Cesarean Delivery as a Pathway to Nonmedical Opioid Use

Summary and Comment |
July 28, 2017

Cesarean Delivery as a Pathway to Nonmedical Opioid Use

  1. Anna Wald, MD, MPH

Are clinicians providing too many pills after cesareans?

  1. Anna Wald, MD, MPH

Opioid-related death rates are rising among child-bearing women, whose drug use often originates with prescribed medication. In particular, pain management after cesarean delivery (the most common major surgery in the U.S.) presents an opportunity for excessive use or abuse. Investigators at one U.S. academic center queried 179 women 2 weeks after cesarean delivery regarding their use of the opioids they had received (most commonly, 30 pills of 5-mg oxycodone). After discharge, 22% took all prescribed opioids, 61% took some, and 17% took none. About 75% had leftover opioids (median, 10 pills). Women who took more opioids while in the hospital (as well as smokers) were more likely to take more pills after discharge.

In a survey of 720 women interviewed 2 weeks after cesarean delivery at 6 U.S. academic centers, a median of 40 pills (mostly oxycodone) were prescribed versus 20 consumed. Fewer than 5% of women with leftover pills had disposed of them. Satisfaction with pain control did not vary with number of pills prescribed, although the number of pills taken correlated with the number prescribed. More women considered the amount of opioids dispensed to be excessive (36%) than insufficient (15%).

In a third study, researchers evaluated a 10-minute shared decision-making intervention about postcesarean opioid use. A physician explained the expected course of postsurgical pain; then, with the assistance of a computer-based decision aid, 51 participants selected the desired number of 5-mg oxycodone pills (standard prescription, 40 pills; offered range, 0–40). A median of 20 pills was selected, and 15 were consumed during the 2 weeks after discharge. Additional prescriptions were necessary for four women, three of whom had complications likely to increase pain.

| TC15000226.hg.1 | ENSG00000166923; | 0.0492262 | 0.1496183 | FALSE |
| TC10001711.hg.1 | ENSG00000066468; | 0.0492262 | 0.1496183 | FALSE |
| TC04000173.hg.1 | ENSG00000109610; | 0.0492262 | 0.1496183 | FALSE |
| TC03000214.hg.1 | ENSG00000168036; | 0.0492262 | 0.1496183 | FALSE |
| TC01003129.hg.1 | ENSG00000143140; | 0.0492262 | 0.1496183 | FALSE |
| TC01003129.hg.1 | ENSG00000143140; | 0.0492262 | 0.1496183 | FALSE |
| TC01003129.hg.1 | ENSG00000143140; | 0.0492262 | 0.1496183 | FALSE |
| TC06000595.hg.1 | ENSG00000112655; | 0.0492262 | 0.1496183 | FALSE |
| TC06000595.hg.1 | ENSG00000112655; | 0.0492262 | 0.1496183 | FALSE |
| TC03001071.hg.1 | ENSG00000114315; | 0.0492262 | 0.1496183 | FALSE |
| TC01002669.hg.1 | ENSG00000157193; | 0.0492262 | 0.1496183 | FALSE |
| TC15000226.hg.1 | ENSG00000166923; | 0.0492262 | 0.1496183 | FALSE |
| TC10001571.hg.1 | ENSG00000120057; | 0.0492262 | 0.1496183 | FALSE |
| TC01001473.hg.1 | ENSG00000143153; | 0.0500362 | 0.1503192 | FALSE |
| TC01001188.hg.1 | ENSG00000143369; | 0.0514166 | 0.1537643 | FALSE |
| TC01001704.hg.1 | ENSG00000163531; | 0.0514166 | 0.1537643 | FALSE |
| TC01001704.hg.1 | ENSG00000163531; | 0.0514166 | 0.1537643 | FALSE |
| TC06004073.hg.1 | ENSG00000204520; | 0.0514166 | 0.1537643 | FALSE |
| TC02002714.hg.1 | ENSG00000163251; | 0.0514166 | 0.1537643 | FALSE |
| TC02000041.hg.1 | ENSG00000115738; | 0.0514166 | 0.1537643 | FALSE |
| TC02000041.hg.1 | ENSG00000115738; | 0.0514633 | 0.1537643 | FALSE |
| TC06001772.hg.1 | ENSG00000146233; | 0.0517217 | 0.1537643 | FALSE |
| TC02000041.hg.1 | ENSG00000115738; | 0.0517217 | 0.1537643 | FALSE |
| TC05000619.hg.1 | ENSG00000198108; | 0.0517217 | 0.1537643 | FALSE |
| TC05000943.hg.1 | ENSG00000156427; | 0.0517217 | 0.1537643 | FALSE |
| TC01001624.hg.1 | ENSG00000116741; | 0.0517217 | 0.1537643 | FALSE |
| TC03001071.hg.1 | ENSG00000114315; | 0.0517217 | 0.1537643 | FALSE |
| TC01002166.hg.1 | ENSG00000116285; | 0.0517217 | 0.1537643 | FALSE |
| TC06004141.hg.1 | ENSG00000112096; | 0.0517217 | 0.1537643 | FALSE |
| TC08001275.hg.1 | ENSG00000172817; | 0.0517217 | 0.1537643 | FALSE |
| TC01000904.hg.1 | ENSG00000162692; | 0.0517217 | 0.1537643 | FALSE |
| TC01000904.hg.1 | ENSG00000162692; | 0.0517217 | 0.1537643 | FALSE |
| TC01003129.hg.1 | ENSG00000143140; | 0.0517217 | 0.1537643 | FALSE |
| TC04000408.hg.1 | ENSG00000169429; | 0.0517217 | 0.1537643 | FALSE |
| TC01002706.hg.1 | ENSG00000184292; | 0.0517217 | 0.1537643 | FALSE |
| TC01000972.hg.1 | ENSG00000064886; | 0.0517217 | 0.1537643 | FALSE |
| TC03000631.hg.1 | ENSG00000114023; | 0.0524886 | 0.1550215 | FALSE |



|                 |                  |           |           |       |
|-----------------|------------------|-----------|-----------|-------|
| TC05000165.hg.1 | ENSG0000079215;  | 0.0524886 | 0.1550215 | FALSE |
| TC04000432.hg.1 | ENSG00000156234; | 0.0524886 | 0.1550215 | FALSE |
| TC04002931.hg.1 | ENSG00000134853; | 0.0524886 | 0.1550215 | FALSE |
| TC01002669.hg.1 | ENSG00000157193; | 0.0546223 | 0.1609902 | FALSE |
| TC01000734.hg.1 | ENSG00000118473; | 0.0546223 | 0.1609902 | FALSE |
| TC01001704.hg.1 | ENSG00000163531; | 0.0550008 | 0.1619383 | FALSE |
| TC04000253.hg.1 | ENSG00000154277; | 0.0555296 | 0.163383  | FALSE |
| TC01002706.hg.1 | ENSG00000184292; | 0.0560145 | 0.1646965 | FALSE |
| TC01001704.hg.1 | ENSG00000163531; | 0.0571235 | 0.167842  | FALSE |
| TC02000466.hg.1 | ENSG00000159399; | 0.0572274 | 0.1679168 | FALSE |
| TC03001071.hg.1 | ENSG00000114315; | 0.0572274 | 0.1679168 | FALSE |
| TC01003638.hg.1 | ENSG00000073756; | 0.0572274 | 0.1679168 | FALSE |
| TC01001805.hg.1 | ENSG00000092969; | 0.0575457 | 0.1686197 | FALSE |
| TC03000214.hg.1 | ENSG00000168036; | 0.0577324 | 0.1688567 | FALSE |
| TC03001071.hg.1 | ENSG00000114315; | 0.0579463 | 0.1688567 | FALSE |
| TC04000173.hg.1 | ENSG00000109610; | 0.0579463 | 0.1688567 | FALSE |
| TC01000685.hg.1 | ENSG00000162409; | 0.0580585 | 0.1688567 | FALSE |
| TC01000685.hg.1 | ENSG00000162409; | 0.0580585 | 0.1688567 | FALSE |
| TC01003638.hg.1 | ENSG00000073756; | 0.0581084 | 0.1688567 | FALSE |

Comment

These studies show that the quantity of opioids prescribed after cesarean delivery is often excessive. The amount of medication for adequate pain control differs for each woman, so shared decision making seems appropriate. The reasons for this wide spectrum of need for pain control are partly physiologic, but also probably reflect differential social support, understanding of normal postpartum events, and awareness of nonopioid analgesics such as nonsteroidal anti-inflammatory drugs and acetaminophen. Concern about reaching a clinician during off hours and receiving an appropriate evaluation may also contribute, and facilitating follow-up may mitigate these anxieties.

Editor Disclosures at Time of Publication

  • Disclosures for Anna Wald, MD, MPH at time of publication Consultant / Advisory board AiCuris Royalties UpToDate Grant / Research support NIH/National Cancer Institute; NIH/National Institute of Allergy and Infectious Diseases; Genocea Biosciences; Vical Editorial boards Sexually Transmitted Diseases; Sexually Transmitted Infections Leadership positions in professional societies International Society for Sexually Transmitted Diseases Research (Board Member)

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